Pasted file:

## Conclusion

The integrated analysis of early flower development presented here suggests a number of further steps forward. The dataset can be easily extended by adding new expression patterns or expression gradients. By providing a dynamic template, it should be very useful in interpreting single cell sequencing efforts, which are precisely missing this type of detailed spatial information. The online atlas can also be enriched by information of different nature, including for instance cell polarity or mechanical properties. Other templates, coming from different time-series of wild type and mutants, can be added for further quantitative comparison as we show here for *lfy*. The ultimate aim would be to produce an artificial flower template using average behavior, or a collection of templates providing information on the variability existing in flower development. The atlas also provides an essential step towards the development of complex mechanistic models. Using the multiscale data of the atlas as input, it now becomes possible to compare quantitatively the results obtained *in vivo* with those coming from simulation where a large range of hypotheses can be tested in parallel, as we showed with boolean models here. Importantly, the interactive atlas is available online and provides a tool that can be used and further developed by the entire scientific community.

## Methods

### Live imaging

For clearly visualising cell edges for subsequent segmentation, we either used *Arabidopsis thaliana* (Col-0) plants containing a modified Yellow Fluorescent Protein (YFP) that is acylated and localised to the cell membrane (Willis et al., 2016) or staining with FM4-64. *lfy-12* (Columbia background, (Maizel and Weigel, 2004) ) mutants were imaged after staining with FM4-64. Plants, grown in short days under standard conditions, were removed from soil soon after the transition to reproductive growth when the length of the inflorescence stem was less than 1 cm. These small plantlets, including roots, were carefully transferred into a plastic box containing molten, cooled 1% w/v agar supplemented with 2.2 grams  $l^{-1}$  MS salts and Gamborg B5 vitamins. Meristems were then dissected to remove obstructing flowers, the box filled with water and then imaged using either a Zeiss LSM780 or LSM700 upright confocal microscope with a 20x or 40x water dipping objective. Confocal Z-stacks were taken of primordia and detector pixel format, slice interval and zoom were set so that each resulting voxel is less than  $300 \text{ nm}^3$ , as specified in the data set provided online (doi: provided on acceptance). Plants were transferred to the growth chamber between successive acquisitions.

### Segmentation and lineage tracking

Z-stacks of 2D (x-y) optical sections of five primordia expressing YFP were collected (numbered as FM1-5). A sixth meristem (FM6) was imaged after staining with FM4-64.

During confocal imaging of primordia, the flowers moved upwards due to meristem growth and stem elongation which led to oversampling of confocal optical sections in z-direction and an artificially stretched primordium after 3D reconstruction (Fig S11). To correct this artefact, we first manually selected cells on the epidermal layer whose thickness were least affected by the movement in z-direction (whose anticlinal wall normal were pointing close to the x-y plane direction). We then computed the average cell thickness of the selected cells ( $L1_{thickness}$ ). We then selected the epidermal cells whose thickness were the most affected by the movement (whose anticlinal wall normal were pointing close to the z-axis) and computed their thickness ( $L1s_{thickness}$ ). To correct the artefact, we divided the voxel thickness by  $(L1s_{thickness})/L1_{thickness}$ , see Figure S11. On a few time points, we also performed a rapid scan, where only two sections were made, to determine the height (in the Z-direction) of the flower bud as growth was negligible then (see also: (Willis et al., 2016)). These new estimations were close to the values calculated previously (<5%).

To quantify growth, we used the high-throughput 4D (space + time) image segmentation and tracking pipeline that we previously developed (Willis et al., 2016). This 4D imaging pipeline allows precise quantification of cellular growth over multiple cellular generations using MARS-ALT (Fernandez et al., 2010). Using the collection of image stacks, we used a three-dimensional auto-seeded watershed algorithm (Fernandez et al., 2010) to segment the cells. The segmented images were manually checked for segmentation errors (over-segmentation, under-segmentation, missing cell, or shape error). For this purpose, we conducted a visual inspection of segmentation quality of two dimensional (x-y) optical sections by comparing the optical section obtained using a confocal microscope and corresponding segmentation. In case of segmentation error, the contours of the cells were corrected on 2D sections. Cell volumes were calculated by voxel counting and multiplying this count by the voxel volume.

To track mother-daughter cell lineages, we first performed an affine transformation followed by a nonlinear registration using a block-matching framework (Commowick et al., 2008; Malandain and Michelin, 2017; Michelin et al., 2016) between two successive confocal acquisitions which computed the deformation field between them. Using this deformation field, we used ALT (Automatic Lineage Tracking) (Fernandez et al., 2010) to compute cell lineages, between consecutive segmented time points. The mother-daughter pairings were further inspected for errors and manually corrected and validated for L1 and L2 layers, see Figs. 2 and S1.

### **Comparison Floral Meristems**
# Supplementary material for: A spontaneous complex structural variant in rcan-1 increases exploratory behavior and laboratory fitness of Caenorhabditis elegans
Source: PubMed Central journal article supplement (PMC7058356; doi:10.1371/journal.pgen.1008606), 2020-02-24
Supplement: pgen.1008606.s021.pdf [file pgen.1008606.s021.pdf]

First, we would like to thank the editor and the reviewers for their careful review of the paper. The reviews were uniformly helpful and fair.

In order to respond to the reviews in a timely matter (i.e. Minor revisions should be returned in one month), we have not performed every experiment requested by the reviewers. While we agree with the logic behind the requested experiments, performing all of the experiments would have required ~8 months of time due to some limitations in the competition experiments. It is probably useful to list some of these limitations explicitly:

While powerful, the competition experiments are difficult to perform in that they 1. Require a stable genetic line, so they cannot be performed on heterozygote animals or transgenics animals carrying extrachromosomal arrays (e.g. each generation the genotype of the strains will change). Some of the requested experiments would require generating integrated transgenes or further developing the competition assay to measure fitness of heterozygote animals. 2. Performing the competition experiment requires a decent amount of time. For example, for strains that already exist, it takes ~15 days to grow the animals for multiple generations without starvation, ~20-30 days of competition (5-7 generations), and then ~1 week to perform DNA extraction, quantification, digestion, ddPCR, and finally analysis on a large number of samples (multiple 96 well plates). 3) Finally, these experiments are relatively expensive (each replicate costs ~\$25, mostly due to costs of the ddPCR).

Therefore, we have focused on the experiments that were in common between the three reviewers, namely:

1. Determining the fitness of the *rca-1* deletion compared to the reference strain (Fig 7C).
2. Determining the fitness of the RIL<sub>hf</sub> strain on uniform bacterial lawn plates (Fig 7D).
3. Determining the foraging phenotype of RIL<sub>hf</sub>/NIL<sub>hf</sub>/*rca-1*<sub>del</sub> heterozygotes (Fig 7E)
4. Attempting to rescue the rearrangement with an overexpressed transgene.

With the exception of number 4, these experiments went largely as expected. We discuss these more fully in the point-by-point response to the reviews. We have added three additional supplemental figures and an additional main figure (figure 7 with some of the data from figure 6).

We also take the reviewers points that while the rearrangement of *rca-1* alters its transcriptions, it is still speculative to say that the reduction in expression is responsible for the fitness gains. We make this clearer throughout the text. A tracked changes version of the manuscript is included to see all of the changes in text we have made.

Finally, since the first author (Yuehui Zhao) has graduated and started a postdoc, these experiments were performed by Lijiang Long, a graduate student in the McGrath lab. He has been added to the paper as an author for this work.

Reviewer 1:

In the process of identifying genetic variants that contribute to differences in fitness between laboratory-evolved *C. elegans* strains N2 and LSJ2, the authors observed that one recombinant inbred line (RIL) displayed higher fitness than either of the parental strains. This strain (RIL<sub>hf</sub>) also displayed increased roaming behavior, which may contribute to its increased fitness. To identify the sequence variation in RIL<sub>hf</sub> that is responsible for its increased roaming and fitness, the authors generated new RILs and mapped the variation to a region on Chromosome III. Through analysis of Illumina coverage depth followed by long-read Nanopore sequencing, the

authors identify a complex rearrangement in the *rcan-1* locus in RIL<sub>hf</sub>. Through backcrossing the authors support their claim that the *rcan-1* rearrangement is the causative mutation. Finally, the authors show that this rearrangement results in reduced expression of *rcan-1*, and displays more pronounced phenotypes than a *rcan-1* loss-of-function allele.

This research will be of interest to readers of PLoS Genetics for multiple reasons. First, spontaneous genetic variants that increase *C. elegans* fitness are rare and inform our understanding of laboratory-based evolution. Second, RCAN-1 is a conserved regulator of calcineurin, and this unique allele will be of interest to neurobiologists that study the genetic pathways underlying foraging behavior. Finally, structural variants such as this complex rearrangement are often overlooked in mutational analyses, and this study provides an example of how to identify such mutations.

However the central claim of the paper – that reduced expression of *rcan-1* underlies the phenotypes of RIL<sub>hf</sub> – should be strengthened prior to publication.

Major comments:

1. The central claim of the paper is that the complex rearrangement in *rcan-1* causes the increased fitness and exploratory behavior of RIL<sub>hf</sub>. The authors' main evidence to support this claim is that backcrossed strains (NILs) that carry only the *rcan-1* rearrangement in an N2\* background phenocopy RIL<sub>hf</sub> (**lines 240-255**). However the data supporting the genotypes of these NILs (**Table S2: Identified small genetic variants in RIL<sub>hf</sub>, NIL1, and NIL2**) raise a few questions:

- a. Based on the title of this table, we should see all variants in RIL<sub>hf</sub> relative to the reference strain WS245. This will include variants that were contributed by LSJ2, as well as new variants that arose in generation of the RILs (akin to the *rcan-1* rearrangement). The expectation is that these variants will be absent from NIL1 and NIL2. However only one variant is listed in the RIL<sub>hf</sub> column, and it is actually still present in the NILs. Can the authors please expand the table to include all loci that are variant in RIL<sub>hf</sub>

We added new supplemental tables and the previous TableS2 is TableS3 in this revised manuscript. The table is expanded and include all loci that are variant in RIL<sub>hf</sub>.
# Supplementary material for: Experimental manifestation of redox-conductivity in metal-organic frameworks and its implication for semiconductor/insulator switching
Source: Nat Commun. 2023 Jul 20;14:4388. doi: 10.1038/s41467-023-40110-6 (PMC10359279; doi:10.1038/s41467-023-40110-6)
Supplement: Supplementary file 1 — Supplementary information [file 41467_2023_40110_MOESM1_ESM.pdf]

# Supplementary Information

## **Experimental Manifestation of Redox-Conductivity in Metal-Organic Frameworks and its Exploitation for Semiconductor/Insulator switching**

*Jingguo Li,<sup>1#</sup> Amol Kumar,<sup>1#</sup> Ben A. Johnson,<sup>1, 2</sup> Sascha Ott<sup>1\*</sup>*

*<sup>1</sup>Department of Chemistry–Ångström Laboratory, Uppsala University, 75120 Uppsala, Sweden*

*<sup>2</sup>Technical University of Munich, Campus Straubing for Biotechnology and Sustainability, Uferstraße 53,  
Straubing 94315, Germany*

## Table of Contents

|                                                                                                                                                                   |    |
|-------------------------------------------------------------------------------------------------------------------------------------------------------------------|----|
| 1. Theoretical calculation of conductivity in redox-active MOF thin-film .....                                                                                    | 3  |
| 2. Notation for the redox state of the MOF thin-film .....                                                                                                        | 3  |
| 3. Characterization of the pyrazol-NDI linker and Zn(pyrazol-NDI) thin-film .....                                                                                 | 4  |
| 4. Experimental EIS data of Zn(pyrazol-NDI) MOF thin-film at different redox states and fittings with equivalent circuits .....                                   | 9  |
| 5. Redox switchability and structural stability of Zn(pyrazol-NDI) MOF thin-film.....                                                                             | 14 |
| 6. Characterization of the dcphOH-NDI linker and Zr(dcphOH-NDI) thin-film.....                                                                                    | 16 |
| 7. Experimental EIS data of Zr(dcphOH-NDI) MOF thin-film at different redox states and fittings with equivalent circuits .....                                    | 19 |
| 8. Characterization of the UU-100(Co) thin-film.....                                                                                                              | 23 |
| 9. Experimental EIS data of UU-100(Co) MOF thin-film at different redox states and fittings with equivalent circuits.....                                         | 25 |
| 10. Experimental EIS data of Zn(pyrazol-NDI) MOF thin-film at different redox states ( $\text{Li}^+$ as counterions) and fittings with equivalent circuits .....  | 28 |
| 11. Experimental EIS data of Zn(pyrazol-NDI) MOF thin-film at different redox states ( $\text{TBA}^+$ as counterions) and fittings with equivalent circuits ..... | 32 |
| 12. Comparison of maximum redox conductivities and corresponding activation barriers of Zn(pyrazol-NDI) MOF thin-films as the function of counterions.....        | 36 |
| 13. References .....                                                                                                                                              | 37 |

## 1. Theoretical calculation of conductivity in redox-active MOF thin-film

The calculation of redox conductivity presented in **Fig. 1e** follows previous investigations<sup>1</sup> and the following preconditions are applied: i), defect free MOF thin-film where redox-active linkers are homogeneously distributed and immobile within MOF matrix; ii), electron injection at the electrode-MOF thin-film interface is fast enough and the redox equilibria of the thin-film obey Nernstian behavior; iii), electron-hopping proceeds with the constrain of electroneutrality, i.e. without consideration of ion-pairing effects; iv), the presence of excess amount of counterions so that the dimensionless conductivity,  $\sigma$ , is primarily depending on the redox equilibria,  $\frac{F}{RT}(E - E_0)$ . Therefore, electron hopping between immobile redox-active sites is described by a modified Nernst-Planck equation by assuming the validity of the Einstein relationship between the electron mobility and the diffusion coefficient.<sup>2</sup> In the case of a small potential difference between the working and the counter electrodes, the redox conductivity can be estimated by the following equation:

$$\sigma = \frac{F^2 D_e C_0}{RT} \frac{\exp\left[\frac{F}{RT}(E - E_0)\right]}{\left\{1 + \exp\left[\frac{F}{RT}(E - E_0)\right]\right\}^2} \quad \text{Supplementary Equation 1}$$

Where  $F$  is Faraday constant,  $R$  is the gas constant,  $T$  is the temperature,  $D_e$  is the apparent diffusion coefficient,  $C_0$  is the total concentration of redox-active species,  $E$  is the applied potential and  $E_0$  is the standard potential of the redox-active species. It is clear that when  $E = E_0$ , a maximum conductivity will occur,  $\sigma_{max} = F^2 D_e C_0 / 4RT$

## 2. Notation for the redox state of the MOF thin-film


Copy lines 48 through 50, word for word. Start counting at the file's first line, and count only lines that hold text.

| 2. Notation for the redox state of the MOF thin-film .....                                                                                                        | 3  |
| 3. Characterization of the pyrazol-NDI linker and Zn(pyrazol-NDI) thin-film .....                                                                                 | 4  |
| 4. Experimental EIS data of Zn(pyrazol-NDI) MOF thin-film at different redox states and fittings with equivalent circuits .....                                   | 9  |